could not explain. On the contrary, every sentiment and sensation of the worshipper might be measured and classified : prayer might be shown (like con version) to be limited in its expression by what a man has read or heard, and in its experiences by what he has been taught to expect ; and yet it

WORSHIP 187 might be the real opening of a door between heaven and earth, and a condition, not simply of the salvation, but of the very existence of the world. Or to put the same thing in a different way the efficacy of prayer can neither be proved nor disproved by such practical experiments as have sometimes been suggested for instance, the com parison of the number of cases healed in two hos pitals, one working with prayer, the other without. Such suggestions show as complete a misunder standing of the problem as those of the Indian king who devised a series of experiments in order to dis cover the material properties of the soul. 1 othing might ever happen as the result of prayer which might not have happened equally well without it : it might be impossible to convince a believer in co incidences that a single prayer had ever been answered ; and yet prayer might stand as it indeed stands untouched, and resting on the self1 *Le sagace roi Payasi peut s amuser a diss^quer les condamn6s a mort pour chercher 1 ame, a les emmurer pour que leur ame ne trouve pas (Tissue, a pratiquer de savantes peses du corps vivant et du cadavre pour determiner le poids du principe vital . . . ce sont la des enfantillages. Poussi , Bouddhisme, p. 68.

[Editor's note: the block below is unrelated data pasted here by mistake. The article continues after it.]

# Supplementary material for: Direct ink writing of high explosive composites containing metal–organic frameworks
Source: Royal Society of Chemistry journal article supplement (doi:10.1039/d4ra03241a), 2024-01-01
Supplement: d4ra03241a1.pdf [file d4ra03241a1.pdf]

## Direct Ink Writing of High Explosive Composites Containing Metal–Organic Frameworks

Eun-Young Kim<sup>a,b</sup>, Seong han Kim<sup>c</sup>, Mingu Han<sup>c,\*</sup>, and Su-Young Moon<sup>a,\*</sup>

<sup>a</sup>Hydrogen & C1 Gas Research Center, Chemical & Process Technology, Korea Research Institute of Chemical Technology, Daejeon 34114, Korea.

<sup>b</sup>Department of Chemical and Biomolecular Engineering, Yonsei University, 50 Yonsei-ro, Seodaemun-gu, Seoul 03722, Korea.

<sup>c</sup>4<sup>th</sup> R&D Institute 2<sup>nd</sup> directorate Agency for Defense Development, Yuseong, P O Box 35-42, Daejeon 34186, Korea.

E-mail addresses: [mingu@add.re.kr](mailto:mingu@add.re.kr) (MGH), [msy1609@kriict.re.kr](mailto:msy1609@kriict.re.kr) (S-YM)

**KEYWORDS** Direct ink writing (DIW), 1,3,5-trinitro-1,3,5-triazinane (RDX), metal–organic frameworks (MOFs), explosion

188 THROUGH FACTS TO FAITH proof of the religious experience a spiritual power spiritually discerned. Here, as in some other cases, it is the religious man who finds himself protesting against the magical and superstitious view of prayer which is taken by the unbeliever. The latter thinks that prayer has failed, if the answer does not come to hand like an article from an automatic machine. But the believer in prayer (unless he be a man of very crude mind) knows better than that. He has so often failed to get what he asked from God that he has almost given up definite asking. But he knows that he has gained so very much more than he either asked or thought, in other and more intimate ways, that his life would be infinitely poorer if he gave up praying. He feels that God has taken his poor, superstitious idea of prayer and educated it : that the asking for definite things has more and more given way to the habit of putting himself entirely in God s hands, and seeking only to know and to love : that prayer is, in fact, personal communion with God. I have quitted all forms of devotion and set prayers/ writes Brother Lawrence, save those to which my state obliges me. And I make